The process of hydraulic fracturing, or “fracking,” has given rise to a new controversy – its impact on cemeteries.
A New York Times article on the issue says cemetery owners lease their mineral rights to oil and gas companies to allow fracking under the burial grounds. The report includes interviews with family members of people buried in those cemeteries, who express concerns that the practice might disturb the graves.
The report quotes fracking expert Robert B. Jackson, an environmental sciences professor at Duke University, as saying: “I could see how people could be deeply offended by this, even if it didn’t cause any problems. If something goes wrong in a farmer’s field in Pennsylvania, that’s one thing. But what if something goes wrong in a cemetery? It seems like at some point you have to draw a line. I can see the signs now: ‘Rest in peace means no lease.’”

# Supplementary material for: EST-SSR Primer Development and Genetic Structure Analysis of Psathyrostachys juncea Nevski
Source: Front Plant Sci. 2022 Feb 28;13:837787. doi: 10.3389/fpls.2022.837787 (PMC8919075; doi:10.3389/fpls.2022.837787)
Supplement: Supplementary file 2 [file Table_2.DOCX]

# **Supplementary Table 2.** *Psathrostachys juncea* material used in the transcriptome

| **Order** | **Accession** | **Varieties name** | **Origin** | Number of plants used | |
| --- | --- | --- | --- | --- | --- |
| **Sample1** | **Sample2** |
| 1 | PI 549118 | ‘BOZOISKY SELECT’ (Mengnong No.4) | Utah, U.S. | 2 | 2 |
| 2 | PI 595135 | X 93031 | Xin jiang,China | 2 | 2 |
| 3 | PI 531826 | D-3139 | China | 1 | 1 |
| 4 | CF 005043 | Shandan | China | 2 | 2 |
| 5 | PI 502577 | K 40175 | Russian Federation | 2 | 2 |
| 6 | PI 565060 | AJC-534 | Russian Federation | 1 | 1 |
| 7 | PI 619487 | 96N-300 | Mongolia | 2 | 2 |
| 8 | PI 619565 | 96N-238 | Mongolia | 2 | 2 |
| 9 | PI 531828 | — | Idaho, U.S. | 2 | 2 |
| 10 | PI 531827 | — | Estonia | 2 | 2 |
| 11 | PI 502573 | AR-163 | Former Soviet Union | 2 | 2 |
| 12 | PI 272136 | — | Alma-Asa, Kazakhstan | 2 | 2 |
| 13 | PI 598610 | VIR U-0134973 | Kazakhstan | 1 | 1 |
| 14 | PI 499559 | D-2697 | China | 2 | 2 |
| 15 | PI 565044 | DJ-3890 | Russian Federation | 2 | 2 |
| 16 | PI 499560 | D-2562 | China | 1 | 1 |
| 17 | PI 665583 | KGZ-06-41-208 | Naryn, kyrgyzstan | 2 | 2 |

During the fracking process, sand, water and chemicals are injected deep underground at high pressure to extract natural gas from rock formations. It’s employed in Pennsylvania’s Marcellus Shale region.
The New York Times says cemetery managers and oil and gas company executives claim fracking doesn’t damage graves because it takes place so far underground.
But critics have a number of concerns, including the presence of toxic chemicals such as the carcinogen benzene in fracking water, and the potential destabilization of the land. For example, there have been reports that fracking causes earthquakes.
According to the report, “antifracking activists, lawyers and environmental scientists said that while there might be nothing legally wrong with fracking underneath cemeteries, they were uncomfortable with the practice, arguing that it raised spiritual and moral questions and illustrated a callousness in the desire to drill for natural gas anywhere at any time.”
Lopez McHugh is investigating Marcellus Shale injuries. If you have significant injuries, contact a Lopez McHugh attorney for a free evaluation.
See the article here: